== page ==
Another noteworthy trend is the emergence of arrangements by private citizens to generate electricity for their own use. A citizens' group in Tokyo's Edogawa-ku is now engaged in facility, financed by citizen donations and lending from non profit groups. The citizens' group is installing solar panels on the roof of a new building under construction at a local temple, and plans to generate 5 kilowatts of electricity, of which some will serve as the power source for the temple's reception hall, and the remainder will be sold to the Tokyo Electric Power Company. After using this revenue to pay back its loans, the citizens' group will apply future revenue toward constructing its second and third power-generating facilities. By building these clean energy installations that leave no undesirable legacy for future generations, the citizens' group hopes to help arrest global warming.

New Market Entrants
Meanwhile, in an effort to foster competition in the electric power industry, where monopolies have always prevailed, and to alleviate the problem of finding sites for new power plants, the Japanese government has lifted restrictions on the large-scale wholesaling of self-generated electric power by companies outside the industry. Since this deregulation in 1995, companies from the steel, cement, petroleum, chemical, and paper and pulp industries have been jumping into the electric-power-generation business one after another.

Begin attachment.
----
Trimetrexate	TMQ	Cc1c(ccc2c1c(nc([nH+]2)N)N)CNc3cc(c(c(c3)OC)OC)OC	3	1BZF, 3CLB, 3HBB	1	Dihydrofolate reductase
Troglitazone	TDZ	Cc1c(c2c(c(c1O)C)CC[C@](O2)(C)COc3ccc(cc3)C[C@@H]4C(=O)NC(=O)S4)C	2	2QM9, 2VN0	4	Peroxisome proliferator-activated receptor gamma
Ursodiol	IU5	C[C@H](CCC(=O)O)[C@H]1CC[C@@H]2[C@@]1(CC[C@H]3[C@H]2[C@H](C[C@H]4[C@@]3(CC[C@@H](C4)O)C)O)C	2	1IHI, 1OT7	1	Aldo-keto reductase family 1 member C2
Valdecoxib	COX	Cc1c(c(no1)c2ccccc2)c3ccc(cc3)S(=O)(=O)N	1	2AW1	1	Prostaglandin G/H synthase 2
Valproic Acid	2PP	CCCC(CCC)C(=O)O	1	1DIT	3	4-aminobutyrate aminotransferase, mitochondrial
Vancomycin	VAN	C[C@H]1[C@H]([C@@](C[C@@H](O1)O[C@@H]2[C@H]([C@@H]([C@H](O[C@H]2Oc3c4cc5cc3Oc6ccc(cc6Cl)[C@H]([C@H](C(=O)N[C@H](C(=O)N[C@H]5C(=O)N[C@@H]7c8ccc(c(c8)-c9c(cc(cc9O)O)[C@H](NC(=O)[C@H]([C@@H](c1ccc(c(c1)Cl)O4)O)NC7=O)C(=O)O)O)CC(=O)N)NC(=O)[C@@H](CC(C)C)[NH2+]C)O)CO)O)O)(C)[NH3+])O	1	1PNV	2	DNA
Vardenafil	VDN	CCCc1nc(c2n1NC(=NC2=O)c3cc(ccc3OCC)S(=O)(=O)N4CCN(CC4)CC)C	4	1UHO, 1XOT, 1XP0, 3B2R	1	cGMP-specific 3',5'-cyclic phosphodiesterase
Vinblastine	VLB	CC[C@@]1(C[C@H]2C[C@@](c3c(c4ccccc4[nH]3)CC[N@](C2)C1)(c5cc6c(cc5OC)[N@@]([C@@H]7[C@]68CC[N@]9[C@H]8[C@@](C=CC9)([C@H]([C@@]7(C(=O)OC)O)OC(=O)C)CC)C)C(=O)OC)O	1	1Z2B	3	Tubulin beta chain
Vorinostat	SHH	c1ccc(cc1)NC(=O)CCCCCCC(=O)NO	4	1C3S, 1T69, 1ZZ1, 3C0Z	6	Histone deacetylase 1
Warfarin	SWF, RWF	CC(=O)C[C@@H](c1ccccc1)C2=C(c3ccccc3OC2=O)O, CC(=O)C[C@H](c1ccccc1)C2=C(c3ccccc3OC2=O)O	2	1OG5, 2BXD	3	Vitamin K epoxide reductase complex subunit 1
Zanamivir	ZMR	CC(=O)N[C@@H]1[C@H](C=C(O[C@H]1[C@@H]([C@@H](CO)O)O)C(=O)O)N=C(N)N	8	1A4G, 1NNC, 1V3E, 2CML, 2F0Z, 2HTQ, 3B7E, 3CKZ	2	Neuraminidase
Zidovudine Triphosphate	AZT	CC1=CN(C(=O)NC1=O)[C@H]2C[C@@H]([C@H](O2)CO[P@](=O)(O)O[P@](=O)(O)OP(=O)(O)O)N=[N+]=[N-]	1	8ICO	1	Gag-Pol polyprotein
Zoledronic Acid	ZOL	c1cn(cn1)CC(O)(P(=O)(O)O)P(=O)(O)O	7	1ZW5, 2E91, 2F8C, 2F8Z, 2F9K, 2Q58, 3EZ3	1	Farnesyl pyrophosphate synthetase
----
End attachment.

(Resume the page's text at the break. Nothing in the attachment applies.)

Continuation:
The electric companies determine how much they are willing to purchase and solicit bids, then sign sales contracts with the selected companies. A petroleum refinery in Kyushu became the first to enter the electric power wholesale business under this system. This refinery, which invested 25 billion yen to build a power plant on some of its idle land, has sold 137,000 kilowatts of electricity since April 1999. Under its current contract, the refinery will supply electric power for the next 13 years.

According to this refinery, the advantage of selling electricity wholesale is that "While profit margins are slim, it's a stable source of income." The power company, meanwhile, says it is happy to do business with this new wholesaler because "The cost is lower, since the bid price doesn't include the costs of land and transmission lines."

Thus far, Japan's nine power companies have purchased some 7 million kilowatts of electricity from wholesalers and say they hope to meet over 10% of future increases in demand through such sources. Electric power is much more expensive in Japan than in Europe and the United States, where wholesale arrangements have been in place for a long time. Ideally, the entry of new sellers into the market will lower prices for everyone.

Trends in JapanEdited by Japan Echo Inc. based on domestic Japanese news sources. Articles presented here are offered for reference purposes and do not necessarily represent the policy or views of the Japanese Government.